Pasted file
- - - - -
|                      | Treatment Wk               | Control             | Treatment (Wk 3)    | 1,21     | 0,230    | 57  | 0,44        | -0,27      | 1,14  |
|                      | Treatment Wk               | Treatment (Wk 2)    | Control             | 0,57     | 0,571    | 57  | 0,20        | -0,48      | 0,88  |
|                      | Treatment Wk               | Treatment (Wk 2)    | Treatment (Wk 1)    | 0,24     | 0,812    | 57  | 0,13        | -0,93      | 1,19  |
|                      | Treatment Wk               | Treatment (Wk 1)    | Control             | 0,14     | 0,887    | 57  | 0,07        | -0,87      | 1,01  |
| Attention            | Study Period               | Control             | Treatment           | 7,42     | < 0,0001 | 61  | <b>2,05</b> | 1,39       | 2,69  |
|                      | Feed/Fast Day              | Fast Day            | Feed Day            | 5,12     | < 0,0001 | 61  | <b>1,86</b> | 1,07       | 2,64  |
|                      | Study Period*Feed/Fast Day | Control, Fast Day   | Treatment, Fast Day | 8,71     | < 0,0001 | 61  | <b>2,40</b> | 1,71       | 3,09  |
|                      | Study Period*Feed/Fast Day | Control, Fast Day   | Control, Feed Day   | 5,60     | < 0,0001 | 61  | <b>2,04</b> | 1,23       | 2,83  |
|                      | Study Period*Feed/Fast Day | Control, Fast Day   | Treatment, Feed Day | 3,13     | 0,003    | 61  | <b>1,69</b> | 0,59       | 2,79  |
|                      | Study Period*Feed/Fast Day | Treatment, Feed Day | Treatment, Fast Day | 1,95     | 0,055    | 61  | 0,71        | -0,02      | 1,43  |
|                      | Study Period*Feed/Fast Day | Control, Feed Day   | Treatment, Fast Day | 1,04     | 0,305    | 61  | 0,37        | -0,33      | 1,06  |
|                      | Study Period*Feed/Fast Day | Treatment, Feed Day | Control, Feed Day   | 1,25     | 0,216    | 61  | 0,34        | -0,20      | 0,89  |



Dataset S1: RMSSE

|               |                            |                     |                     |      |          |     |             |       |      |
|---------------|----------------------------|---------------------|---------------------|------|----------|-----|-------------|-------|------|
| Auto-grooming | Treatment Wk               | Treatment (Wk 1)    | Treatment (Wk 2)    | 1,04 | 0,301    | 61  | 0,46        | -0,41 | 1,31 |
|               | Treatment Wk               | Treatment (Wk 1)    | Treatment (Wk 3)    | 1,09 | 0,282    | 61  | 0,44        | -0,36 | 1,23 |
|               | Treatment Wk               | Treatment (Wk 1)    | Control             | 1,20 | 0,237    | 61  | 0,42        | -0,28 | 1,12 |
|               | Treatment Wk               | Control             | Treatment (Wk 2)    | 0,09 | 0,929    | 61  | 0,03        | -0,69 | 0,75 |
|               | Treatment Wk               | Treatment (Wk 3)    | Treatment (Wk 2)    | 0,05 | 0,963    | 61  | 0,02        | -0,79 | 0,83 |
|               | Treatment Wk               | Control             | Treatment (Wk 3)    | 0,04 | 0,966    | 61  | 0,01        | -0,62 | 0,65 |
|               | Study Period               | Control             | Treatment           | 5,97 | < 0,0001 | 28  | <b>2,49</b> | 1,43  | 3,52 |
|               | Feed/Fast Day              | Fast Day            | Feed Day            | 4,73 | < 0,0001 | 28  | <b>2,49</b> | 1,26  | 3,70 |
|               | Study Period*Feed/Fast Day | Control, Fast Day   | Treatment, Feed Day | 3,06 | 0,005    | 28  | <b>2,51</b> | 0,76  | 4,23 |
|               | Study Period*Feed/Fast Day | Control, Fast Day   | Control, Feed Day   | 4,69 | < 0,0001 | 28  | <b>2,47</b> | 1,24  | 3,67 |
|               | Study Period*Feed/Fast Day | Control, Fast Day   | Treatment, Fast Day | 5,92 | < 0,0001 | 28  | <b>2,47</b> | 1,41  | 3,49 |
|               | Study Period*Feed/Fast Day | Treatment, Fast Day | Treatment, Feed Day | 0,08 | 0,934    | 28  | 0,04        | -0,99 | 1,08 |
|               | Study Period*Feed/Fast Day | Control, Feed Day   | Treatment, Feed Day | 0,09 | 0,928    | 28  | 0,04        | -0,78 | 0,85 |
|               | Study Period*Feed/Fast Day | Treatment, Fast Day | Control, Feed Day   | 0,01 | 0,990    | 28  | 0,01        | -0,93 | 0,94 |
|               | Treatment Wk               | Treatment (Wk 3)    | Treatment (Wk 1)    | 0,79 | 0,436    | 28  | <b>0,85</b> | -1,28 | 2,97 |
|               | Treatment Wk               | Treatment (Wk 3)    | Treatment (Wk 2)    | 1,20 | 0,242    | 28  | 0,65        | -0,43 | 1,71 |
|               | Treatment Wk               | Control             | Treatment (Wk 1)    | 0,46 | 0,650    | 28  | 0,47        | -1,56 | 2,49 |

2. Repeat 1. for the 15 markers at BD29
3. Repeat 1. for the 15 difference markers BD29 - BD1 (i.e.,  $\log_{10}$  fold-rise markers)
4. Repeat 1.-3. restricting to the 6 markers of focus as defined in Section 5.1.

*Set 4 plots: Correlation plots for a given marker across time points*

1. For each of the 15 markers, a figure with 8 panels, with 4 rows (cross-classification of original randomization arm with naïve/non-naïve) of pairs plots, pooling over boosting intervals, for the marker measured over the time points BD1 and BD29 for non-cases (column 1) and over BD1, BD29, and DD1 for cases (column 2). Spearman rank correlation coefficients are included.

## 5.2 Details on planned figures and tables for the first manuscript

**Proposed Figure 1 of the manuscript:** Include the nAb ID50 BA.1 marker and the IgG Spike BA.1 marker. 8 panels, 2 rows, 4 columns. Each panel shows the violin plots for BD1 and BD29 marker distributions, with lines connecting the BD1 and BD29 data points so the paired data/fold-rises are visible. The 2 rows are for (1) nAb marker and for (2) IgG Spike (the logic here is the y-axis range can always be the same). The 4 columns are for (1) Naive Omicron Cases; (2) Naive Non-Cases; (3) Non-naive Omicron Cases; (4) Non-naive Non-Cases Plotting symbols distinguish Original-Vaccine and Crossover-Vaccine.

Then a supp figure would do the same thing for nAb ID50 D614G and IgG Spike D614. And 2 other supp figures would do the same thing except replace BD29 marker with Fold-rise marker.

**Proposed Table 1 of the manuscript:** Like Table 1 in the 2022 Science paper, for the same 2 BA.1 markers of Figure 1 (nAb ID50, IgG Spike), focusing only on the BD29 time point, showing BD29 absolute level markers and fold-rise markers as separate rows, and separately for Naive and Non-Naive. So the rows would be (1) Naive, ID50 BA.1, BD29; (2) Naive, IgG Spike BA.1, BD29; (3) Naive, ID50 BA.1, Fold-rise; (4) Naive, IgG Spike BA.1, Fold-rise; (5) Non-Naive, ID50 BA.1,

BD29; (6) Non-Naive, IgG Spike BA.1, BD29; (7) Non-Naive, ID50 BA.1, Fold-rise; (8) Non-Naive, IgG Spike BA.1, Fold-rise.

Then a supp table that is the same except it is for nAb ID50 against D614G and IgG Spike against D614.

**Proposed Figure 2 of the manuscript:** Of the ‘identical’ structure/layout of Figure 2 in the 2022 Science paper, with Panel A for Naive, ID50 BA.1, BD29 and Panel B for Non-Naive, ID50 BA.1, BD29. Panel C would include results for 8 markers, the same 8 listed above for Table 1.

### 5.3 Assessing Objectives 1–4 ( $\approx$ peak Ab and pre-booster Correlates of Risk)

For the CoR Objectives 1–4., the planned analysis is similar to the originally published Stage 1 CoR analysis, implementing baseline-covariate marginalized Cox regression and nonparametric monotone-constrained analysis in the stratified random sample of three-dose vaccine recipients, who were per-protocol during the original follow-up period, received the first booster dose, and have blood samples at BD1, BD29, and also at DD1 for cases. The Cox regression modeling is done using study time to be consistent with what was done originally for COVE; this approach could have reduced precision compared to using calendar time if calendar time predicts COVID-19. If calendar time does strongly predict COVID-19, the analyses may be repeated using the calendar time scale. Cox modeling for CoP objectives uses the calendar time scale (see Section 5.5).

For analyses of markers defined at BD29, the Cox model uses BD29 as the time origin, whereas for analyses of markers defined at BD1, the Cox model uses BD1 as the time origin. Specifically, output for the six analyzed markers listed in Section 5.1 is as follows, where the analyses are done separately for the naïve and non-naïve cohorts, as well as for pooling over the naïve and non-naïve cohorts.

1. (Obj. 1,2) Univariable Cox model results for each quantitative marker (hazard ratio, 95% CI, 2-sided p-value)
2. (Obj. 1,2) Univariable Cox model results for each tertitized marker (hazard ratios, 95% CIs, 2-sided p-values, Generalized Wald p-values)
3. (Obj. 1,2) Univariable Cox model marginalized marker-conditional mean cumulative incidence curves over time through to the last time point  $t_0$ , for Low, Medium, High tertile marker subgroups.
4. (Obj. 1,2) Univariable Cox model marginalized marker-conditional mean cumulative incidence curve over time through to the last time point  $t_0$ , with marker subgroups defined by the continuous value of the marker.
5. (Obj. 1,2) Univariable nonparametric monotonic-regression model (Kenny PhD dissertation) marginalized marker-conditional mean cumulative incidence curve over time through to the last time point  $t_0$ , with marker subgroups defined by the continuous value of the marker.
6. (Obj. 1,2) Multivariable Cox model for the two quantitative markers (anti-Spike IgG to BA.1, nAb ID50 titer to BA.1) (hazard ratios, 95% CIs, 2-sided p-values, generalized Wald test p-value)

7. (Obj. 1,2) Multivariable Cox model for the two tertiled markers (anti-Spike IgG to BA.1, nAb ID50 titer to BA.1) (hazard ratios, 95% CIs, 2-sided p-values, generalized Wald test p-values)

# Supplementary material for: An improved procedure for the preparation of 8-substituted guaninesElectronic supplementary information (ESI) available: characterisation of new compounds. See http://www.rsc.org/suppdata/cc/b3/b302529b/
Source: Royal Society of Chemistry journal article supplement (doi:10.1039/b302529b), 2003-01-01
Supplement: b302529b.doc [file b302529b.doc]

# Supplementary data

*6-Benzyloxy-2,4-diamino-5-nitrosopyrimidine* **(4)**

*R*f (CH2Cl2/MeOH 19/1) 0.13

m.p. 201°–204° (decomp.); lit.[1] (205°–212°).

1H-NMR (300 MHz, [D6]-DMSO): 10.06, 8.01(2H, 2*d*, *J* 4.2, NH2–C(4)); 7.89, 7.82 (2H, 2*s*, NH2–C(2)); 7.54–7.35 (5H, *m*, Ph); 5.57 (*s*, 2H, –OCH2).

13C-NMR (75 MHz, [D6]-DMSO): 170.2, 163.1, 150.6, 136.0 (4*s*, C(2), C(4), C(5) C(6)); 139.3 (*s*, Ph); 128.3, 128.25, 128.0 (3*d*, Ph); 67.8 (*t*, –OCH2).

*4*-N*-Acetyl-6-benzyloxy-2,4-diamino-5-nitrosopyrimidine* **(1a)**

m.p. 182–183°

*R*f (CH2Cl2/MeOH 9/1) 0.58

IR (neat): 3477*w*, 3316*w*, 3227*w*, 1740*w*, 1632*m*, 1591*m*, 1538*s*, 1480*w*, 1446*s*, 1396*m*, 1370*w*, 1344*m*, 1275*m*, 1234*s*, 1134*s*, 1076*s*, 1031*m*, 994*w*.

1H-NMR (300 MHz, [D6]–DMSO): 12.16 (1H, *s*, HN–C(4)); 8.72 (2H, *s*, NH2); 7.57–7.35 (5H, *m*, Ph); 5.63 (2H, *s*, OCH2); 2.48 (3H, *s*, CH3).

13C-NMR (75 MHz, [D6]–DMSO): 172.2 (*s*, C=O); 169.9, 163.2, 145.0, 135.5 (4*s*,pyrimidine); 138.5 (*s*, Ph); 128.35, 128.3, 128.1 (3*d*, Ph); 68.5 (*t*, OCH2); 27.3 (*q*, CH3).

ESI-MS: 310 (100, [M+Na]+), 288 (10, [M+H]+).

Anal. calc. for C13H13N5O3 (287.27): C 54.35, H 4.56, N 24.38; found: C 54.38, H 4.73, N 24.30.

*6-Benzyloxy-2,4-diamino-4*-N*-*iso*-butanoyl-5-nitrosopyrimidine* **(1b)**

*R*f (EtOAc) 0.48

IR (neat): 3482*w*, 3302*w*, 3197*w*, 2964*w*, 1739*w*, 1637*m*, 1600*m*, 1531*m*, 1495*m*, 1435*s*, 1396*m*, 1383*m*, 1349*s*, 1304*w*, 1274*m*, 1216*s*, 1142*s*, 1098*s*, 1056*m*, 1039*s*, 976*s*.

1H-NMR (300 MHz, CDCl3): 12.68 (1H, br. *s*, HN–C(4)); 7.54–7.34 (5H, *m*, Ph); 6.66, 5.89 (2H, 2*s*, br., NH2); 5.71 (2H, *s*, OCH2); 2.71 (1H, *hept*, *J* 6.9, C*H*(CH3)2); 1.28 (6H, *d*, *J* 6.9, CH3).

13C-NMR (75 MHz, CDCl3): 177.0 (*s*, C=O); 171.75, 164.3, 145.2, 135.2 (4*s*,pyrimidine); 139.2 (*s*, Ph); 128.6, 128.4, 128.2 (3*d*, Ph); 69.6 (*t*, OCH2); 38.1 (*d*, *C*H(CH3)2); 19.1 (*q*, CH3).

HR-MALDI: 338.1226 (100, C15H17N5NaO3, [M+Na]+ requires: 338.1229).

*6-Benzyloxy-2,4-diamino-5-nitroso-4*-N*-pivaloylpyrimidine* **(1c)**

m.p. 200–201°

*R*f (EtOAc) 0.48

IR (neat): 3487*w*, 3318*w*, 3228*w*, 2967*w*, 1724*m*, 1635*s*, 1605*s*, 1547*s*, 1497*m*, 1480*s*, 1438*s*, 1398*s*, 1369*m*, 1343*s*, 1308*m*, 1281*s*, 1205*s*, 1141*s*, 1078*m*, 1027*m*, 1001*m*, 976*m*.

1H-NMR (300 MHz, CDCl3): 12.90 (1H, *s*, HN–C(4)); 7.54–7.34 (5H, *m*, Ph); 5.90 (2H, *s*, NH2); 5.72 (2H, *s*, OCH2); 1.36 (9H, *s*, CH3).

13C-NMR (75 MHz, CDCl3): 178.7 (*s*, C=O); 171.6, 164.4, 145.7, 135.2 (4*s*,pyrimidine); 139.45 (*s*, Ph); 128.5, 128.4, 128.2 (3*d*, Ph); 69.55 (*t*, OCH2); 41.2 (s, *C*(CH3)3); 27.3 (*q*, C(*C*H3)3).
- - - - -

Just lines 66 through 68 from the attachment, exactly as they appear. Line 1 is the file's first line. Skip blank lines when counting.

*R*f (CH2Cl2/MeOH 9/1) 0.58

IR (neat): 3477*w*, 3316*w*, 3227*w*, 1740*w*, 1632*m*, 1591*m*, 1538*s*, 1480*w*, 1446*s*, 1396*m*, 1370*w*, 1344*m*, 1275*m*, 1234*s*, 1134*s*, 1076*s*, 1031*m*, 994*w*.

1H-NMR (300 MHz, [D6]–DMSO): 12.16 (1H, *s*, HN–C(4)); 8.72 (2H, *s*, NH2); 7.57–7.35 (5H, *m*, Ph); 5.63 (2H, *s*, OCH2); 2.48 (3H, *s*, CH3).